In his mind, Morley Safer wasn’t a television newsman. He didn’t have an affinity for the camera and, in fact, admits he simply wasn’t fond of it. He was a reporter, and telling a story was all he wanted to do.
“I really don’t like being on television,” Safer confessed last week in what amounted to an exit interview that aired in an episode-length tribute to his work on “60 Minutes.”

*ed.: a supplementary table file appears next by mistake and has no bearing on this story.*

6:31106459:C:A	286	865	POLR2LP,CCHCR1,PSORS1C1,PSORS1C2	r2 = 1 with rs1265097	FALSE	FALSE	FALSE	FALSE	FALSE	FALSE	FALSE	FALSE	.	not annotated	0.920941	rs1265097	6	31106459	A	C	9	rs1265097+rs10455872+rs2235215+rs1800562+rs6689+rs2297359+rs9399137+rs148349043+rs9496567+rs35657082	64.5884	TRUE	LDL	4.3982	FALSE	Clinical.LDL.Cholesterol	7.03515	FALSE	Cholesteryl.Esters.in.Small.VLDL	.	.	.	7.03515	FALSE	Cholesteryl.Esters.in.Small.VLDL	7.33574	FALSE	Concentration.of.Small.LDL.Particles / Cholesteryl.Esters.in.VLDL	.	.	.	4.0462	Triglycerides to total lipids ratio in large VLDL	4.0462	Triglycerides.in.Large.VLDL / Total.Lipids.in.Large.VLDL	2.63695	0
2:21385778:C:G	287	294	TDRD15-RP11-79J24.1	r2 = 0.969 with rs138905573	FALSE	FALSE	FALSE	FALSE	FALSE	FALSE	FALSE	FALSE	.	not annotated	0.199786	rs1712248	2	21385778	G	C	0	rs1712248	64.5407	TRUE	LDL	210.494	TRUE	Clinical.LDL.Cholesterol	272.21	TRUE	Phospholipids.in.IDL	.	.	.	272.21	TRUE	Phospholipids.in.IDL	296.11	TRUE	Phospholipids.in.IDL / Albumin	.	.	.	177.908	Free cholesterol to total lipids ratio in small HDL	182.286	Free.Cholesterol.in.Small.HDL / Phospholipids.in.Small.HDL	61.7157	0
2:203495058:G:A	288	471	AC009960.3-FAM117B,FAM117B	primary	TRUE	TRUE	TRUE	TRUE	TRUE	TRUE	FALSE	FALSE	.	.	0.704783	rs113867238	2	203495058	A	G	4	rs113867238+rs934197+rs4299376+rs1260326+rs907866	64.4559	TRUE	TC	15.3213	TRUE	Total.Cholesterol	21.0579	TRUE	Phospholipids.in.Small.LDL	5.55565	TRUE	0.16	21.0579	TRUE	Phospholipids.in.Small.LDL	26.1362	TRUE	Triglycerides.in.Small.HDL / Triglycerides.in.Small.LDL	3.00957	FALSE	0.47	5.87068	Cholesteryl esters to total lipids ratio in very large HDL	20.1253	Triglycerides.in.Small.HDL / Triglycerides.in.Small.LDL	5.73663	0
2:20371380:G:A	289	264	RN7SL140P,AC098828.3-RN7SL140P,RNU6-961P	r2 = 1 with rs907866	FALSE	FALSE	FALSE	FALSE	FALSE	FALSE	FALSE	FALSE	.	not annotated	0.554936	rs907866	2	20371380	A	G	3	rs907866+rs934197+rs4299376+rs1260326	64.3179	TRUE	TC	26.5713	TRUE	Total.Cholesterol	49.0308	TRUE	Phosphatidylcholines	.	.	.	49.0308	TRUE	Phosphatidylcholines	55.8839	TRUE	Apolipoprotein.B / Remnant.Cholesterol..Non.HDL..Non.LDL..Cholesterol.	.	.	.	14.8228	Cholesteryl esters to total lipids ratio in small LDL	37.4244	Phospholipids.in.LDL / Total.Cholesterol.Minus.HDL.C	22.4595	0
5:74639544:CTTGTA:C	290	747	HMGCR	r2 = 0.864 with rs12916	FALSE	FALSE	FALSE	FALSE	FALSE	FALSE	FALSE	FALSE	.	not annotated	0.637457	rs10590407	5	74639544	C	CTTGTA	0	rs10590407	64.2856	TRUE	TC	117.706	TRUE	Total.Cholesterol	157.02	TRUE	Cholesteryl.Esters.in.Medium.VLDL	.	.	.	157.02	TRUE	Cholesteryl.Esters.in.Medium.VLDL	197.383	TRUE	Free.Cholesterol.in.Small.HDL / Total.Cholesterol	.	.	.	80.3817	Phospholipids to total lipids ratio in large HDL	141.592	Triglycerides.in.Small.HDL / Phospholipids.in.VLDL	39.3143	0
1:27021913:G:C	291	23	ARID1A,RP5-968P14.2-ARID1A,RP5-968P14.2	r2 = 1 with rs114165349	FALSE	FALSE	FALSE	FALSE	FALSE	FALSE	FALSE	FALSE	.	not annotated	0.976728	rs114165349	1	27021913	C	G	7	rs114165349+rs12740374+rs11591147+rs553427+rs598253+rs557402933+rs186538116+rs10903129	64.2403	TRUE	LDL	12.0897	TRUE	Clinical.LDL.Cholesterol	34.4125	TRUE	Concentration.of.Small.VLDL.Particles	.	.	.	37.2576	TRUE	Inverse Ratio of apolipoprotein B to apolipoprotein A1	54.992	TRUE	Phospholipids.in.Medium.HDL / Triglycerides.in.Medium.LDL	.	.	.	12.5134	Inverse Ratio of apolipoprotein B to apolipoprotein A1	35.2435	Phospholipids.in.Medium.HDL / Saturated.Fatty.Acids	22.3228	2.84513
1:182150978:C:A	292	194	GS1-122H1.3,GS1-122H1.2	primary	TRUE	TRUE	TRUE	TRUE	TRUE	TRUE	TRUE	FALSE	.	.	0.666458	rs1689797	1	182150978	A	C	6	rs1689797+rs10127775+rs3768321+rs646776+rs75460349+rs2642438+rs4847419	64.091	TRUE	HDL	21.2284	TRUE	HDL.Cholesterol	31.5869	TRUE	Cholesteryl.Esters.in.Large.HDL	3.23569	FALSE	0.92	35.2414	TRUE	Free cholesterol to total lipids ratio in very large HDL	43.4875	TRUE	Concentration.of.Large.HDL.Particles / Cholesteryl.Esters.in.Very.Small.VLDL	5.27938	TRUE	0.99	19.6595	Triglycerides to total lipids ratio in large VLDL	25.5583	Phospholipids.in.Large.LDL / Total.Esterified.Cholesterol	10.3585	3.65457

“It is not natural to be talking to a piece of machinery.”
With a craggy, time-weathered face, cigarette-burnished voice and a deep well of elegant yet unsparingly economical turns of phrase at his command, Safer produced a body of work spanning more than 60 years that casts a long shadow in...